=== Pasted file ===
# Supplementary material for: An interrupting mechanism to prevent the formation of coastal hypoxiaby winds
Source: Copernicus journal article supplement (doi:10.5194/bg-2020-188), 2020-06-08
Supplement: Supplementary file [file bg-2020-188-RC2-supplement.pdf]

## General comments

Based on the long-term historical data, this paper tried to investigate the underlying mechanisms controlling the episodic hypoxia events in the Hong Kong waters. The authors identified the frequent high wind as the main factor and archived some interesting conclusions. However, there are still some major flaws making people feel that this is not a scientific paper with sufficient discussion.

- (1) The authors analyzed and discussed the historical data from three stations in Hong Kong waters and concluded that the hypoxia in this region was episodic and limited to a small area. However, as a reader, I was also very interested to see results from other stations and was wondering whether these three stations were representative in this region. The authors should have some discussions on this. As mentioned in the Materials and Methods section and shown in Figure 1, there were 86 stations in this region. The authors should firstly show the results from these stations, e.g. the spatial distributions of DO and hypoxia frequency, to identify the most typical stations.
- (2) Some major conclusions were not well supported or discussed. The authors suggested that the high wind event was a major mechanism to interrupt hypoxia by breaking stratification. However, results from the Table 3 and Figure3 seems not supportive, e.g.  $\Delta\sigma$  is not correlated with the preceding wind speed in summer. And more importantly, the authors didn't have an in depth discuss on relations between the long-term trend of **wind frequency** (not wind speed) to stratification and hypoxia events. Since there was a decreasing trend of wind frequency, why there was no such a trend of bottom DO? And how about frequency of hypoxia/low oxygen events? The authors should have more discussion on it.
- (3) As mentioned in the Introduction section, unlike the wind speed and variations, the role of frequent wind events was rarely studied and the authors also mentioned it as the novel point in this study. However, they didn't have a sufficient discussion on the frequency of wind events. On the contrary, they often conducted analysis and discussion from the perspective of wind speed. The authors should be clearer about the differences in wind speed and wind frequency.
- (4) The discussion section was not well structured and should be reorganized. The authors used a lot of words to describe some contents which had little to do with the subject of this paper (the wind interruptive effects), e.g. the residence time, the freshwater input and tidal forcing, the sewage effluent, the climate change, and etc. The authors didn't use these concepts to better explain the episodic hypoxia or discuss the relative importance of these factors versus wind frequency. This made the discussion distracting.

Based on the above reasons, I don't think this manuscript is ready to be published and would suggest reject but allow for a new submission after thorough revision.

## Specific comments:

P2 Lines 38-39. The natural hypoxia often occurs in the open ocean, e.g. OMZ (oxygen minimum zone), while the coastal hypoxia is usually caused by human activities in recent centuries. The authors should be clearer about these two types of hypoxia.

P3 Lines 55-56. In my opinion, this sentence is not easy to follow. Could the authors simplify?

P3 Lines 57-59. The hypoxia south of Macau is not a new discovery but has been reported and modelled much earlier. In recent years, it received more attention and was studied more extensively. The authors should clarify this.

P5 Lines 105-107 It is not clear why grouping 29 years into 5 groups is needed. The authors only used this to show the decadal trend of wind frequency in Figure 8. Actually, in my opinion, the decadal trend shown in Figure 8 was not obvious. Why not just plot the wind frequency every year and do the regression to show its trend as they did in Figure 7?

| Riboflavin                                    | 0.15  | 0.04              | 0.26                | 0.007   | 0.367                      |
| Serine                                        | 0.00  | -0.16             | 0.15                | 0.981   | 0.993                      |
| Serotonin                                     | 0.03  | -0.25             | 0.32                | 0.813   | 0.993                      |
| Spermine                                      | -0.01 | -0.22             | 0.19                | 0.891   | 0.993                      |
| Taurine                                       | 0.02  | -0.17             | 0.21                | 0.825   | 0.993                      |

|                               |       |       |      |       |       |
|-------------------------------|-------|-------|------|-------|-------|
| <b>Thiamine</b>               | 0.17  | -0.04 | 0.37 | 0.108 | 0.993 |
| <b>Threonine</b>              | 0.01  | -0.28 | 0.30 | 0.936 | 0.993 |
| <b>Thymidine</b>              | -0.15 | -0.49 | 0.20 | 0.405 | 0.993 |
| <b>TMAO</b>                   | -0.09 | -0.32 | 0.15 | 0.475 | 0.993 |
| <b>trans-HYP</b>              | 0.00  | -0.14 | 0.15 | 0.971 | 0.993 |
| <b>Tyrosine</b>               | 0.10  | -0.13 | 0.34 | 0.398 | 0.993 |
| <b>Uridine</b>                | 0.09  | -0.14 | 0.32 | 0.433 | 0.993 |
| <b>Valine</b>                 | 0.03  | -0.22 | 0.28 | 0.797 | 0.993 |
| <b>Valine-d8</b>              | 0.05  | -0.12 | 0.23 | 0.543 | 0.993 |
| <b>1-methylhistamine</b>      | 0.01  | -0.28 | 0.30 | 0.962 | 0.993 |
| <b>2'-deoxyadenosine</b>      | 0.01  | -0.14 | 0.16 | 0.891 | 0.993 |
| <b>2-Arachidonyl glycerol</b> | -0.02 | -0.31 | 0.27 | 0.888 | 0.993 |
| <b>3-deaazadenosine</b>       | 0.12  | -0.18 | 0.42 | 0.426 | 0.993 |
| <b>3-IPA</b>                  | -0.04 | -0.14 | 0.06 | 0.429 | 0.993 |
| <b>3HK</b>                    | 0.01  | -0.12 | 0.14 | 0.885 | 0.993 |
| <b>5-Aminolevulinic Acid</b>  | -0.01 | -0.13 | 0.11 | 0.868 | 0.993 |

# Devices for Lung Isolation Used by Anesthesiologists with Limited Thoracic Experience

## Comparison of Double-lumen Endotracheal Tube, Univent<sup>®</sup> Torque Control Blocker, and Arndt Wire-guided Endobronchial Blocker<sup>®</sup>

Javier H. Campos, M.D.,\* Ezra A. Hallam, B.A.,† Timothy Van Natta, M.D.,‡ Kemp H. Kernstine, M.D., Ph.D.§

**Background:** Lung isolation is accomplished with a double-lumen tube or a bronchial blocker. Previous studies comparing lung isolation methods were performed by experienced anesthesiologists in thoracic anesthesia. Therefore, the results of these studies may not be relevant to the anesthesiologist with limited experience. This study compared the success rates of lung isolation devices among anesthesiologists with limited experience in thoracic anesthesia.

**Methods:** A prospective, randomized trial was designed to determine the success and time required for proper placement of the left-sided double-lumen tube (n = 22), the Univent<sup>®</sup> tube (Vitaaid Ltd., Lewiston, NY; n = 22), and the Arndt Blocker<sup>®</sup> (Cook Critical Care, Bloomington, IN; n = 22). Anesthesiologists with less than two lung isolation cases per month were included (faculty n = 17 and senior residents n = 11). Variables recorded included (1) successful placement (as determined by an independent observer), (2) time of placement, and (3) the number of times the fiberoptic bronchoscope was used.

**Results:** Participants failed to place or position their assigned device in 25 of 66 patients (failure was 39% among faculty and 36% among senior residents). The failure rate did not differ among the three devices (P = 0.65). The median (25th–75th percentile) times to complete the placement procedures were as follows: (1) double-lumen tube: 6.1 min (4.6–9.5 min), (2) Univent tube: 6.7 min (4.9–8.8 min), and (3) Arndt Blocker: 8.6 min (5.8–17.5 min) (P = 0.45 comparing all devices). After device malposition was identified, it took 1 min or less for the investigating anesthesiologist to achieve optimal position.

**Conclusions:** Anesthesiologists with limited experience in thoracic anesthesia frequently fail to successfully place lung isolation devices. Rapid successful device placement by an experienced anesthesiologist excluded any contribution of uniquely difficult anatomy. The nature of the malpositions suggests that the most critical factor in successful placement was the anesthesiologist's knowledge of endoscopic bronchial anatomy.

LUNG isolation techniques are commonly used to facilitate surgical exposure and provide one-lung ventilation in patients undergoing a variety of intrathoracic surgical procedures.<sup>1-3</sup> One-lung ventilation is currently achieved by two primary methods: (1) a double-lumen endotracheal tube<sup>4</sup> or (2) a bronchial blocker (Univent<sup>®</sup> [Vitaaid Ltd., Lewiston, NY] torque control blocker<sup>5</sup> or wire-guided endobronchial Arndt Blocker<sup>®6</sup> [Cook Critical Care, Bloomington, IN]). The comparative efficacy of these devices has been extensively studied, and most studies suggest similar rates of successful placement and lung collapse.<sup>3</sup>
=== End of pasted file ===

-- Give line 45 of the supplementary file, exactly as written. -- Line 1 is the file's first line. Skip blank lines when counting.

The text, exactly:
**Conclusions:** Anesthesiologists with limited experience in thoracic anesthesia frequently fail to successfully place lung isolation devices. Rapid successful device placement by an experienced anesthesiologist excluded any contribution of uniquely difficult anatomy. The nature of the malpositions suggests that the most critical factor in successful placement was the anesthesiologist's knowledge of endoscopic bronchial anatomy.